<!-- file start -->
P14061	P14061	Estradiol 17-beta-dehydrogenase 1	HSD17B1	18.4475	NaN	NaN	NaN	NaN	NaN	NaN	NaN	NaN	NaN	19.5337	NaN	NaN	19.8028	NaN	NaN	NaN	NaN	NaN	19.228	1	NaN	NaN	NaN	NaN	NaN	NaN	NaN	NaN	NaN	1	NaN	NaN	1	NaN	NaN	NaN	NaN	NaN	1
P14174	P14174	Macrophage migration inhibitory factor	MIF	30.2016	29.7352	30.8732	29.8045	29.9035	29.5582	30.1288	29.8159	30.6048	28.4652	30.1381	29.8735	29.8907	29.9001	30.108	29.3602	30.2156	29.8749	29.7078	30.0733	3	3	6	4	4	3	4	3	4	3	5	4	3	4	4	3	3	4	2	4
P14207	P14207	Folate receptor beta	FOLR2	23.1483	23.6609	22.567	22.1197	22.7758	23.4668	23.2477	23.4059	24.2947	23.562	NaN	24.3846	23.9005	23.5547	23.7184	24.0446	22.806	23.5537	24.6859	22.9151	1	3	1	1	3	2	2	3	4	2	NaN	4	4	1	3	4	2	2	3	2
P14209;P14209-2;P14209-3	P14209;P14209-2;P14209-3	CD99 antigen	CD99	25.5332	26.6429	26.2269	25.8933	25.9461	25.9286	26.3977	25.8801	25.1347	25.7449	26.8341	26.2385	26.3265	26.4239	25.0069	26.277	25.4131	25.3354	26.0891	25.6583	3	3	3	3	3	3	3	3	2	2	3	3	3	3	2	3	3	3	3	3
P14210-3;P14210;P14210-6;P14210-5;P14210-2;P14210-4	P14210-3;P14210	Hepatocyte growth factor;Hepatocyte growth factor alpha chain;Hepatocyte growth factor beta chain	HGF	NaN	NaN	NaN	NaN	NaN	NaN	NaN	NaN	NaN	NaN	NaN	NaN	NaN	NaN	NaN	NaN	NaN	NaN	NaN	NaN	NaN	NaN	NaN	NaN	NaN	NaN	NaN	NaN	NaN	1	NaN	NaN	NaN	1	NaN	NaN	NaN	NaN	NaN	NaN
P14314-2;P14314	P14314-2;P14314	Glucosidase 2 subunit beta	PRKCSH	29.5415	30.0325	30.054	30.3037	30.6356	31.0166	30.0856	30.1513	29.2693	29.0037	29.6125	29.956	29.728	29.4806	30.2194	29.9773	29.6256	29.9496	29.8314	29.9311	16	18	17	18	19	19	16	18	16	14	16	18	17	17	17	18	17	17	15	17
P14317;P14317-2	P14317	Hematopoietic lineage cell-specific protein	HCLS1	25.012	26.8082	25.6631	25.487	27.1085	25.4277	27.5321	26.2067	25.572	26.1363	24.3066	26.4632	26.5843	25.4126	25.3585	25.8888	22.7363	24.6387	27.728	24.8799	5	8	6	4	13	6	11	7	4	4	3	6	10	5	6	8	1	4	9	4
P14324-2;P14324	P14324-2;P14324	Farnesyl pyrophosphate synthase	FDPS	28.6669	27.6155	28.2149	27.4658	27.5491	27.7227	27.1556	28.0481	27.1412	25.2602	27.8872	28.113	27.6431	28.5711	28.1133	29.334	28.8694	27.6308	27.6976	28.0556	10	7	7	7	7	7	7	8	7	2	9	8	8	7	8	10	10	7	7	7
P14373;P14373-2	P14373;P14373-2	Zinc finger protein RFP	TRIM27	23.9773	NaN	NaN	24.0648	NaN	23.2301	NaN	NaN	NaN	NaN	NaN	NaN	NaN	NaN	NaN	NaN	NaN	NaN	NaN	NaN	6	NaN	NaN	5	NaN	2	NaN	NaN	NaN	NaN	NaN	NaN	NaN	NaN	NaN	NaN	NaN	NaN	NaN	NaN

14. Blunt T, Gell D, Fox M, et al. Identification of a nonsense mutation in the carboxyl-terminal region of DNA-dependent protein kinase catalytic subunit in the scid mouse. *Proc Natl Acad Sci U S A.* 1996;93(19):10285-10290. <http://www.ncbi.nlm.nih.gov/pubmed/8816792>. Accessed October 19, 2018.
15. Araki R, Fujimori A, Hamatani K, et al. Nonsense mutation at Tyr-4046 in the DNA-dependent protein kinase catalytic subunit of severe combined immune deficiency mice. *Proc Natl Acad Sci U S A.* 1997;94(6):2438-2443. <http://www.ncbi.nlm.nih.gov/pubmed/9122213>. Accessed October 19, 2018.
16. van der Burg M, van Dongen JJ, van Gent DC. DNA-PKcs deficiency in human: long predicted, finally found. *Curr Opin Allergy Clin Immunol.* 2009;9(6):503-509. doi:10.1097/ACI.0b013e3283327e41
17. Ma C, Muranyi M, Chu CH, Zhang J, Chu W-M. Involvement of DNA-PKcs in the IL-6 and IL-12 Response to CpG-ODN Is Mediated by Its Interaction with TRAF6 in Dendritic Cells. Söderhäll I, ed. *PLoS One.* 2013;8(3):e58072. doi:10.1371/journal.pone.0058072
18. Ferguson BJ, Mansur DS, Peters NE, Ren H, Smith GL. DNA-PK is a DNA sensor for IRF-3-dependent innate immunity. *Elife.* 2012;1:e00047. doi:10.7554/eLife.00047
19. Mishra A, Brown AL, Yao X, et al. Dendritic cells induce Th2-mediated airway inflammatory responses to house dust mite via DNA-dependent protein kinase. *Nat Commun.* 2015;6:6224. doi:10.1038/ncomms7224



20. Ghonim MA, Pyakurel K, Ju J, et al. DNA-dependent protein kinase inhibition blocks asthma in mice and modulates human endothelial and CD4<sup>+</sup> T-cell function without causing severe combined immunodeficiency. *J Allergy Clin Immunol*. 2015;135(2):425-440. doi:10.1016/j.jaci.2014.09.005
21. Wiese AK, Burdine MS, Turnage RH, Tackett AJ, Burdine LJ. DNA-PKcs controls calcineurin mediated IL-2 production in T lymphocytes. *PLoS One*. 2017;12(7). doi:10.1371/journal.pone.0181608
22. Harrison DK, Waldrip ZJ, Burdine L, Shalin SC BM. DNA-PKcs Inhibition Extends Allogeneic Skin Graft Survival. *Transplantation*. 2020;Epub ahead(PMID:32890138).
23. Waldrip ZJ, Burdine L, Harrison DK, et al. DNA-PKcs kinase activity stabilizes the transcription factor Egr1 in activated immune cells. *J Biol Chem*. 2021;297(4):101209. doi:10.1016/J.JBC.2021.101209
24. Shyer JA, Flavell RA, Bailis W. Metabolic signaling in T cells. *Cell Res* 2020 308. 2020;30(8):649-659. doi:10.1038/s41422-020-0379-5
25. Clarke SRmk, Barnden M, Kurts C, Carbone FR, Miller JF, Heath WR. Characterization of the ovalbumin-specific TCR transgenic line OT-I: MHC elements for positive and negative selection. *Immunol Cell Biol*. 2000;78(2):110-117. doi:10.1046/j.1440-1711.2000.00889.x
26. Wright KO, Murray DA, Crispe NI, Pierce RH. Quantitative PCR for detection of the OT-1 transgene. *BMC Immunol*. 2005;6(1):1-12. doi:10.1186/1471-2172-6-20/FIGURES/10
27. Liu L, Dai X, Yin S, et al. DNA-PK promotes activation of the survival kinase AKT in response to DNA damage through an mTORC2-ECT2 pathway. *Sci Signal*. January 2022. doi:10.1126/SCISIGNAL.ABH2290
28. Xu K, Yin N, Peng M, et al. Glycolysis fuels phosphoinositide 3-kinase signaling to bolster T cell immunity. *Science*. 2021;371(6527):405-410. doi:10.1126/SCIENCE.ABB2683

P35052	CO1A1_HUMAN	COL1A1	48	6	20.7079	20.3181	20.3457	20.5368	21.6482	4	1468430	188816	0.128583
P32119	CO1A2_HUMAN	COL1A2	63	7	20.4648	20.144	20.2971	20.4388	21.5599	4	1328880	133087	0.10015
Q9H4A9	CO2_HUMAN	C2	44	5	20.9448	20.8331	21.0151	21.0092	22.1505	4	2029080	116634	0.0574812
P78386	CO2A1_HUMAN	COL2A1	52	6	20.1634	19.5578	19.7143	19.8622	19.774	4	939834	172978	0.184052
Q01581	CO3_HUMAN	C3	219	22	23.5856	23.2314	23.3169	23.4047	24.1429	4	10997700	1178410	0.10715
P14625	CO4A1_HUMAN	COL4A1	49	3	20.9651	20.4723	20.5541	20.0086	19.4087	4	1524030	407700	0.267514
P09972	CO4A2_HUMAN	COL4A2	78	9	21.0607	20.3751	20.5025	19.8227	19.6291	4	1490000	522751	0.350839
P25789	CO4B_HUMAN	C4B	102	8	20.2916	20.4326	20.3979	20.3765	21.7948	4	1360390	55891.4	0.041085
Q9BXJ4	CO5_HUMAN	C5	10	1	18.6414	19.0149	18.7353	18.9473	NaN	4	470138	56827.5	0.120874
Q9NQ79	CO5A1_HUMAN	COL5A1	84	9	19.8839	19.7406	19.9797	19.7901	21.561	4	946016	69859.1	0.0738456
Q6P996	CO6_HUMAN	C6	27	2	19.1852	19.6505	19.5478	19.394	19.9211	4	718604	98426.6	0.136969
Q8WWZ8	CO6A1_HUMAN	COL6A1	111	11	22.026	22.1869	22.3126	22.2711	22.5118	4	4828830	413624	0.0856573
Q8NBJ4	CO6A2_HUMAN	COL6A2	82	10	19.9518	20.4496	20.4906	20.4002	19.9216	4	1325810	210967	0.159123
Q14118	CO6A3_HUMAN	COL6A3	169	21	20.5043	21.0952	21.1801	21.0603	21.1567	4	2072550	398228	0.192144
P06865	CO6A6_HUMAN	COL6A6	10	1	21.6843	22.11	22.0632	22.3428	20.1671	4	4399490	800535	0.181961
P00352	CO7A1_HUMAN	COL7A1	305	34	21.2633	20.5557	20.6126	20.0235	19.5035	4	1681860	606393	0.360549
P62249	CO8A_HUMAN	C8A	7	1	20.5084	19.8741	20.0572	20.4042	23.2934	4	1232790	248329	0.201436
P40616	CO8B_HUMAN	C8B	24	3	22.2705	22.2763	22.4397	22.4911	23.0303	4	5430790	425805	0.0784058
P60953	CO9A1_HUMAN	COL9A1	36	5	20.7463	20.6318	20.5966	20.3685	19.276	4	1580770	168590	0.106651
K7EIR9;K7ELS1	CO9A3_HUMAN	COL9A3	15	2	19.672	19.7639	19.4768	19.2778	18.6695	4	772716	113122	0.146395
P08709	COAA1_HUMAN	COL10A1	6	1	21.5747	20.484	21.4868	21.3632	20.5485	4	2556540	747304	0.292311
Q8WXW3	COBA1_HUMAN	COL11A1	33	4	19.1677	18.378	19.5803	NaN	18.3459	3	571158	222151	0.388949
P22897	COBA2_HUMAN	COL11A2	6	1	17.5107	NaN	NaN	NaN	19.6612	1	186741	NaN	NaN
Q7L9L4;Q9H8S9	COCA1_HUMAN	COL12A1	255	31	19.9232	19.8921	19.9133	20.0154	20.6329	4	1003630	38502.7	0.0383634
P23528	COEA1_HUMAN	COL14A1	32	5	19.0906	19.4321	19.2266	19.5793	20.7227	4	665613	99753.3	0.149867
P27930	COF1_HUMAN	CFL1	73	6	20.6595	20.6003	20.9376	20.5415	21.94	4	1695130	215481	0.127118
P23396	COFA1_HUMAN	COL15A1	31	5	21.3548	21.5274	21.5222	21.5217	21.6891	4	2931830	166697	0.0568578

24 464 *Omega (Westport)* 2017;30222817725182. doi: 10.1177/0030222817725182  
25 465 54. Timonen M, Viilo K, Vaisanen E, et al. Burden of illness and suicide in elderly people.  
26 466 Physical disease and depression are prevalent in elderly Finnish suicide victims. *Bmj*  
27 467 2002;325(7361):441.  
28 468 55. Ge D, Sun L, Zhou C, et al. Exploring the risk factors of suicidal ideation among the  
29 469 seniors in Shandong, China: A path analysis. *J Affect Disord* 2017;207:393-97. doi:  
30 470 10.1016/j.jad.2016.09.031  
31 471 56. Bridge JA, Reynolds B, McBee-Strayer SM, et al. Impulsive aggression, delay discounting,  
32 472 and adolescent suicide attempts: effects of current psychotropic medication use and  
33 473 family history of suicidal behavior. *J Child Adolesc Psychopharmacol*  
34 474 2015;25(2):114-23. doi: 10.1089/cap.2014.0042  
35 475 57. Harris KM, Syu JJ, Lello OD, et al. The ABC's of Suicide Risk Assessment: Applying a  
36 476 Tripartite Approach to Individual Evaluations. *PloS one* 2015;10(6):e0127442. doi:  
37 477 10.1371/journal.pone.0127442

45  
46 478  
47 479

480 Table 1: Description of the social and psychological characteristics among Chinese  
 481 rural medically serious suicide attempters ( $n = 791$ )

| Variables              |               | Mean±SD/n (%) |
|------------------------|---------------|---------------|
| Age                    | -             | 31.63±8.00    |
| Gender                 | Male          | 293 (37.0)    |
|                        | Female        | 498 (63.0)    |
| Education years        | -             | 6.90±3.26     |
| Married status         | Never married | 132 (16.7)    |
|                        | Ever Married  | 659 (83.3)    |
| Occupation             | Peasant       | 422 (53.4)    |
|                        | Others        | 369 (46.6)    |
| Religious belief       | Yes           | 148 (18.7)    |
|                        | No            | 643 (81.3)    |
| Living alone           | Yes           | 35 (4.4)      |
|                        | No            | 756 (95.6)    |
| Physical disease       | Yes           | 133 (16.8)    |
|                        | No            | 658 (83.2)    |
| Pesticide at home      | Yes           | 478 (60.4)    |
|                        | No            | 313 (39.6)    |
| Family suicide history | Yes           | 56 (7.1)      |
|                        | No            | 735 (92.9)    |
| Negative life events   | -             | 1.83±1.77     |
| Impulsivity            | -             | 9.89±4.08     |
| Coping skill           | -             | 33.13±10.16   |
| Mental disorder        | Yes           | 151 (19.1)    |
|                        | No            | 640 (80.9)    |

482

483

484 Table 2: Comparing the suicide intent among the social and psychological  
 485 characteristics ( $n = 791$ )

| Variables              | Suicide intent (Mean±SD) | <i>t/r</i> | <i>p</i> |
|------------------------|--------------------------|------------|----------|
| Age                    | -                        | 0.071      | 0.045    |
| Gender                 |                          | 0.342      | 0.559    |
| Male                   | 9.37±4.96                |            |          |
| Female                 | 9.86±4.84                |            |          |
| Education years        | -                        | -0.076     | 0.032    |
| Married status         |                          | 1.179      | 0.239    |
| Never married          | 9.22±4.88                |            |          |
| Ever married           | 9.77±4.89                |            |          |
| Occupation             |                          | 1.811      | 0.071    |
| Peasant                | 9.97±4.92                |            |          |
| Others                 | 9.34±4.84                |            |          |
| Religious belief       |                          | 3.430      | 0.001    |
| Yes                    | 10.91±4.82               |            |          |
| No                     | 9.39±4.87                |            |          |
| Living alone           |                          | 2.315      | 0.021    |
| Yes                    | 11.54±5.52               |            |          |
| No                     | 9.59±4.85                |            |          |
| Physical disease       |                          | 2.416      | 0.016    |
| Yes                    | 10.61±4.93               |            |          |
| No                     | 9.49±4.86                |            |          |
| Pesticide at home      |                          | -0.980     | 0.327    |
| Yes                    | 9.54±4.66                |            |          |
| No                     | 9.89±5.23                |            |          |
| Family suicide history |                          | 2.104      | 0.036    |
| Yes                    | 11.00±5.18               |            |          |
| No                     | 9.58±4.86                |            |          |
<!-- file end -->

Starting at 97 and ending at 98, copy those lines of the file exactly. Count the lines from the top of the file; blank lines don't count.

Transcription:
483

484 Table 2: Comparing the suicide intent among the social and psychological  